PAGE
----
NOW Foundation Broadcast Project

  • Digital Technology
  • NOW Foundation Campaign
  • Coalition Demands for Better TV
  • We commit to continue building a mass movement where we are leaders, not followers, of public opinion. We will continue to move feminist ideals into the mainstream thought, and we will build our media and new technology capabilities to control our own image and message.

    - NOW Declaration of Sentiments, 1998

    Did you know that the airwaves are owned by the public, and that Congress recently gave away spectrum (i.e. use of the airwaves) for digital broadcasting to megacorporations? There are only nine controlling media companies, and they own almost every broadcast station, cable channel, magazine and newspaper. Collectively their annual revenues are $115 billion. Yet they pay no rent, no fees, no taxes no charges at all for the use of the public airwaves. And now they are receiving new spectrum worth up to $70 billion as a gift from Congress

    Why has Congress given free use of our airwaves to major corporations for decades? Because broadcasters argue that, in return, they will provide a public good. They have been obligated to "serve the public interest, convenience and necessity" for 65 years. Yet 87% of all sound bites from "experts," such as doctors and lawyers, are male; 92% of these "expert" men are white. Less than 13% of guests on weekend public affairs programs are women. Broadcasters are obligated to provide children's educational programming, yet only 10% of children's educational shows have female stars, and stations have argued that shows like The Jetsons and Wheel of Fortune qualify as educational.

    Digital Technology

    New technology will dramatically change what we see and how we interact with our television. Most broadcasters will soon switch to digital technology, which will allow one television station to convert its single station to four or five channels and dramaticallyimprove the sound and picture quality. Internet technology and broadcast technology will merge to make interactive television a reality for the average consumer.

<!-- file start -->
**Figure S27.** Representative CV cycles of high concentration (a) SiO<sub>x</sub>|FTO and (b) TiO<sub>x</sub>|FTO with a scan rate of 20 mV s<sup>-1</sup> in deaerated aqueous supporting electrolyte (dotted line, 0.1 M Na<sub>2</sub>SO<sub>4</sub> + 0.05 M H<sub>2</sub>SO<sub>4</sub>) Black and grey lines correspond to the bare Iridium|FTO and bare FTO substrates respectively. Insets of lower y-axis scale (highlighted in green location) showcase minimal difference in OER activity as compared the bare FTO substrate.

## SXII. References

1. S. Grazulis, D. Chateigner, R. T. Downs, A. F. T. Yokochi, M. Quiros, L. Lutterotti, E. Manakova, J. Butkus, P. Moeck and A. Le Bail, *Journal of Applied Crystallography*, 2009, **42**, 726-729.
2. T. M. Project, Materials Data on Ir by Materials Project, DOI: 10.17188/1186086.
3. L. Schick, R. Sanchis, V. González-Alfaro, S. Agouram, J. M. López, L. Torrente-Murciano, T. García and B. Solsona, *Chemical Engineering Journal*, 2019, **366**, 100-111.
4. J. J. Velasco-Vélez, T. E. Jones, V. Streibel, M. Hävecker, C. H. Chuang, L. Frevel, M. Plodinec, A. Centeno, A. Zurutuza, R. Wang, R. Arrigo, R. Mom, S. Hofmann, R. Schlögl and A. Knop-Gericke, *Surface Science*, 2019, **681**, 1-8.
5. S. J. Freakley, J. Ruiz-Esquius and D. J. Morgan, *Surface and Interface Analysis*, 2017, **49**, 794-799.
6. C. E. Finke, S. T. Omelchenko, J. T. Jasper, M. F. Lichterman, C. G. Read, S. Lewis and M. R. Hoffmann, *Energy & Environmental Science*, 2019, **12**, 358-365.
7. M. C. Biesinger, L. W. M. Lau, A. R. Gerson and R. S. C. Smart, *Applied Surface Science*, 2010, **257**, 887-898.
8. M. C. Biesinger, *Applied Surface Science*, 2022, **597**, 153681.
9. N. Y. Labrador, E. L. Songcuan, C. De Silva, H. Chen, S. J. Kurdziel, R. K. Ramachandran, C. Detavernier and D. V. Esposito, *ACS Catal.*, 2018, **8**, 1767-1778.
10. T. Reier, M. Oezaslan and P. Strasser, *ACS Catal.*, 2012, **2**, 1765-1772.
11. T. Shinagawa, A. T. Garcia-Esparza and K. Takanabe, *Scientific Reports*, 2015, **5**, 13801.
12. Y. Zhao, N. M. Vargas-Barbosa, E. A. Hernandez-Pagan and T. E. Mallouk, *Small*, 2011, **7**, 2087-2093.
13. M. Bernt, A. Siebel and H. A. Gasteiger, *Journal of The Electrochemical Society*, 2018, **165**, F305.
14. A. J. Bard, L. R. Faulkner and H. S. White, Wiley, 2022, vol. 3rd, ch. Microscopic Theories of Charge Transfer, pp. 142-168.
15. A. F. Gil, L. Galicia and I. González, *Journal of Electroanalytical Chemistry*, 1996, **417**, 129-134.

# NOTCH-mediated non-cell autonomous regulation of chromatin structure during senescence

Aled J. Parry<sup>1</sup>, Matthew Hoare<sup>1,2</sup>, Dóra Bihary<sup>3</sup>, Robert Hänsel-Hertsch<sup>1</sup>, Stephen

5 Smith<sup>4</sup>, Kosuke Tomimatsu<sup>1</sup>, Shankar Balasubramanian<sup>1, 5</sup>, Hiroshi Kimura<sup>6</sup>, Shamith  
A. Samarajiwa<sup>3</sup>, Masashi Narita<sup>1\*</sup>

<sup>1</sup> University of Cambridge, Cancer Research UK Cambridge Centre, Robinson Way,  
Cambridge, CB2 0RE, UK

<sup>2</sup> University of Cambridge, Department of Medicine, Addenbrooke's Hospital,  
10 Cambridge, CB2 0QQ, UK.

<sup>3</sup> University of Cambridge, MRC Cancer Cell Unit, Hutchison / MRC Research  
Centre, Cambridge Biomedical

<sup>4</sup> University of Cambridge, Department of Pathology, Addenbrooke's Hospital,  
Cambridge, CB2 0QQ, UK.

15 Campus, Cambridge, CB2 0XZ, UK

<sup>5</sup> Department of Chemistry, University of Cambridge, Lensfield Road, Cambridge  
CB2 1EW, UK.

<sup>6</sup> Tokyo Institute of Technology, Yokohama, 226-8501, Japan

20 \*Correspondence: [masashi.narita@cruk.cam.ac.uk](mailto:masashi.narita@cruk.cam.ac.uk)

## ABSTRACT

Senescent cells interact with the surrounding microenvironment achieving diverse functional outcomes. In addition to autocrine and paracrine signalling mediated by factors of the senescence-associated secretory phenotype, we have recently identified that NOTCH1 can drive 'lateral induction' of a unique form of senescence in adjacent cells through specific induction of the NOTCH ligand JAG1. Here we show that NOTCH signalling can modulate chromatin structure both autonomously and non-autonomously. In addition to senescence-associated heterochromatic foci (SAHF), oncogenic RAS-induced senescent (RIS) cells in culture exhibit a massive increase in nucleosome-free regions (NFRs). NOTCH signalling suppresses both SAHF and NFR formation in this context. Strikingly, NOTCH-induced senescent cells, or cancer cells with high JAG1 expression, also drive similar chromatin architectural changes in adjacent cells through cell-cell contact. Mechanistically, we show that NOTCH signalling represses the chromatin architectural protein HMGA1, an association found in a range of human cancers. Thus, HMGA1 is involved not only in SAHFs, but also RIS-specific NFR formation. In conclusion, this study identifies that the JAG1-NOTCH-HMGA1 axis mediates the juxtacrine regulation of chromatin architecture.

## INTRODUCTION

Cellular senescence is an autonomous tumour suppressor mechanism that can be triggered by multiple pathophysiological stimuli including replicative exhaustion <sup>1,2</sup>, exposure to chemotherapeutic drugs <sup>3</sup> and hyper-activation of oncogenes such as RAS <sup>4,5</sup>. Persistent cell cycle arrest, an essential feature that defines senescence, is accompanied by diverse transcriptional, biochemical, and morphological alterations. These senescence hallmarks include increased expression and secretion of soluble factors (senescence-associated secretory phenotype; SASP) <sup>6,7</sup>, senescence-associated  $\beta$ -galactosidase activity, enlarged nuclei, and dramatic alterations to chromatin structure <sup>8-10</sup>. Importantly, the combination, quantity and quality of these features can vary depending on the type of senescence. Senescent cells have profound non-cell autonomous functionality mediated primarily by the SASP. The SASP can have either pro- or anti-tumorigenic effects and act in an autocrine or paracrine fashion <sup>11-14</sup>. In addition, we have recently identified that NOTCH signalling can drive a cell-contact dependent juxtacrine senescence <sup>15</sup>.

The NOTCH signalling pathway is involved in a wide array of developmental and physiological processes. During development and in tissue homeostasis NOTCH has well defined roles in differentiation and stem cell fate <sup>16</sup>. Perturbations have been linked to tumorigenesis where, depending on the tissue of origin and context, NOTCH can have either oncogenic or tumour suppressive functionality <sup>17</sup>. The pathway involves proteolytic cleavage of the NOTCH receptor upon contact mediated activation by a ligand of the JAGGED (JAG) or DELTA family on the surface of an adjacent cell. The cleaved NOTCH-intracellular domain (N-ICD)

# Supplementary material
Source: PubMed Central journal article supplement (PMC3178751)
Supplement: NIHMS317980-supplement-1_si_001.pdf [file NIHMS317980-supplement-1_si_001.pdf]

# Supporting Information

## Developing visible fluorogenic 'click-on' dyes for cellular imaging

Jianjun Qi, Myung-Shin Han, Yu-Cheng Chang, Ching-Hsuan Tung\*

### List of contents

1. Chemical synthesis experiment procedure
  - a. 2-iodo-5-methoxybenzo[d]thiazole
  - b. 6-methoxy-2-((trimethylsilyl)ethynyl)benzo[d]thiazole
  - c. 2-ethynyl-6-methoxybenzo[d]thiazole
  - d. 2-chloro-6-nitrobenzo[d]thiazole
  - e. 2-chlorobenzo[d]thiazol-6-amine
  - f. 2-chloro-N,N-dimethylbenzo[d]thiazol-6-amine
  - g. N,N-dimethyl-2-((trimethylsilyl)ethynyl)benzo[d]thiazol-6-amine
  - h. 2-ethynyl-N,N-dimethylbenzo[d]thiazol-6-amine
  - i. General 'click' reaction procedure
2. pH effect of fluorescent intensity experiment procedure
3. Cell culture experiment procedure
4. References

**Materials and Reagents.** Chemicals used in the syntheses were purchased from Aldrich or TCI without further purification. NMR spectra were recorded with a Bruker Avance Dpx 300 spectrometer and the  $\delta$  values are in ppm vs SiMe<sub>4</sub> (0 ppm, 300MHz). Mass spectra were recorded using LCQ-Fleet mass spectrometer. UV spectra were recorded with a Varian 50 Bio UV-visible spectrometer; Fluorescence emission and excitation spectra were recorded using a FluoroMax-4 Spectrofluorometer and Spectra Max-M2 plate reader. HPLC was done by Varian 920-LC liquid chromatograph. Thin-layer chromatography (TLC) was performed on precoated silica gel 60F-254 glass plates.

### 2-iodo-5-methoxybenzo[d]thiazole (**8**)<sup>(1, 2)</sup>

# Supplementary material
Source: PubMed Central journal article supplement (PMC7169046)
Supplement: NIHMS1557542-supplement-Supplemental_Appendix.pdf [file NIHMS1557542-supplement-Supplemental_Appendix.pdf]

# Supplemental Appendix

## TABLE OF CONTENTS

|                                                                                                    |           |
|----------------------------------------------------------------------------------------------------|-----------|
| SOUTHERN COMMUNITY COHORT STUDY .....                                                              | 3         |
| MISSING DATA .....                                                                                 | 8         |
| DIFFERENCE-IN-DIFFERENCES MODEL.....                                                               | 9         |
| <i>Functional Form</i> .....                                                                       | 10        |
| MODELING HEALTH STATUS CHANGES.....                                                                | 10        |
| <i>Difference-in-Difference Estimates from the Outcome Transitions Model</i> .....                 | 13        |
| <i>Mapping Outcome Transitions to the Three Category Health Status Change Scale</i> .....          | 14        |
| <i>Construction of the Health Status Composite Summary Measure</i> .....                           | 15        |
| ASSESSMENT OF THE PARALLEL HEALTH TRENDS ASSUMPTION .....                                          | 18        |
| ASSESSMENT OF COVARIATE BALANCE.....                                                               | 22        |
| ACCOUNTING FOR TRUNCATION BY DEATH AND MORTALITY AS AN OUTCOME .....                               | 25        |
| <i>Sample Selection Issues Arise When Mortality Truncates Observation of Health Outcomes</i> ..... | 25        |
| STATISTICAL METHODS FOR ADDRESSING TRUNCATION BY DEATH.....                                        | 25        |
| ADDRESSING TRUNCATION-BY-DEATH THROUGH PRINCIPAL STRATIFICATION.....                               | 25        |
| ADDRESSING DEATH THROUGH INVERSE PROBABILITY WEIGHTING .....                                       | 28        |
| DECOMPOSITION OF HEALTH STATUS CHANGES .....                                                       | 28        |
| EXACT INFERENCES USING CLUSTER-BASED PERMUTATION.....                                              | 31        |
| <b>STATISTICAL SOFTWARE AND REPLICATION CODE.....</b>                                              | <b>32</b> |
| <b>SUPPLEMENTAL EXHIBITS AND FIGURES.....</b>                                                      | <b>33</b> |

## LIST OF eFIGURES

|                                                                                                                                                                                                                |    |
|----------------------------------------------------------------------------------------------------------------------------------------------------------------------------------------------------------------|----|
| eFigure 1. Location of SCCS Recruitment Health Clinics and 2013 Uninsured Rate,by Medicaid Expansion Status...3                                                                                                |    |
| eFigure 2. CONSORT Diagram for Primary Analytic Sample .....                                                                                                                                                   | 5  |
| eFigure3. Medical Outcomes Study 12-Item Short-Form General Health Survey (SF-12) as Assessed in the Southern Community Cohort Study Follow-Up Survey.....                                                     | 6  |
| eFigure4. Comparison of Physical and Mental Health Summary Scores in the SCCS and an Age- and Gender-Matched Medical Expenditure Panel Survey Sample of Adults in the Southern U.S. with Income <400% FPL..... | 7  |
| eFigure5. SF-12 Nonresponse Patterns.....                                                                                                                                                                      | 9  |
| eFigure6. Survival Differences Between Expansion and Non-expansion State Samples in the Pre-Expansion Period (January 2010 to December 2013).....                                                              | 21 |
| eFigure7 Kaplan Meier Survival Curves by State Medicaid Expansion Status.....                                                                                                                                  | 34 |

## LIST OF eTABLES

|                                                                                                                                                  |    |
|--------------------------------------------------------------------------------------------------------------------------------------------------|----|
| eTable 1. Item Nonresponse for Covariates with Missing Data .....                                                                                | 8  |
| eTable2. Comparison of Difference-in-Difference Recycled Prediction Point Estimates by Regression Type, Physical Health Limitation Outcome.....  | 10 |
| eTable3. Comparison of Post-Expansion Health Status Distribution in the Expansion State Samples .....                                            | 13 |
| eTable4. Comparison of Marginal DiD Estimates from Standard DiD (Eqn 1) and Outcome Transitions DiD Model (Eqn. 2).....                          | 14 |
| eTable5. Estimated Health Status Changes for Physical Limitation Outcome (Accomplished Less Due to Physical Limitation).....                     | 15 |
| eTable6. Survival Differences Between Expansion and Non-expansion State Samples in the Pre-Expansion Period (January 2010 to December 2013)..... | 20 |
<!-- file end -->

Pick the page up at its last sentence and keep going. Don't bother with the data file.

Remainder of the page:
Congress has control of the airwaves. In 1996, they decided to give the digital spectrum away for free to major corporations. This giveaway is estimated to be a $40 - $70 billion resource. In return, these major corporations are supposed to serve the public interest. But the FCC-- the agency that oversees the spectrum -- has not yet determined what obligations broadcasters will have to their communities. In fact, on May 1, 1999, the 10 largest television markets began using the new technology, and a hearing has not even been scheduled to discuss public interest obligations. Broadcasters have argued that any guidelines for public interest should be voluntary. NOW Foundation and other civil rights groups are asking for true community access to the public airwaves.

    NOW Foundation Campaign

    Through our history, most of the messages that the public receives by and about feminist activists are filtered through the lens of the news media, and we have an unprecedented opportunity to make a dramatic change. NOW Foundation, and other community groups and voices, ought to have as much access to the public airwaves as Time Warner, Disney, GTE, and other media giants.

    NOW Foundation has joined forces with a broad range of organizations to push for well-defined and enforced public interest obligations for broadcasters. First the broadcasters convinced Congress to give them free airwaves in exchange for providing services to the public, and now the networks argue that they ought to be able to decide which public interest obligations they choose to honor. In reality, the public has not gotten any payback for the corporate giveaway and there is not going to be any, unless we band together.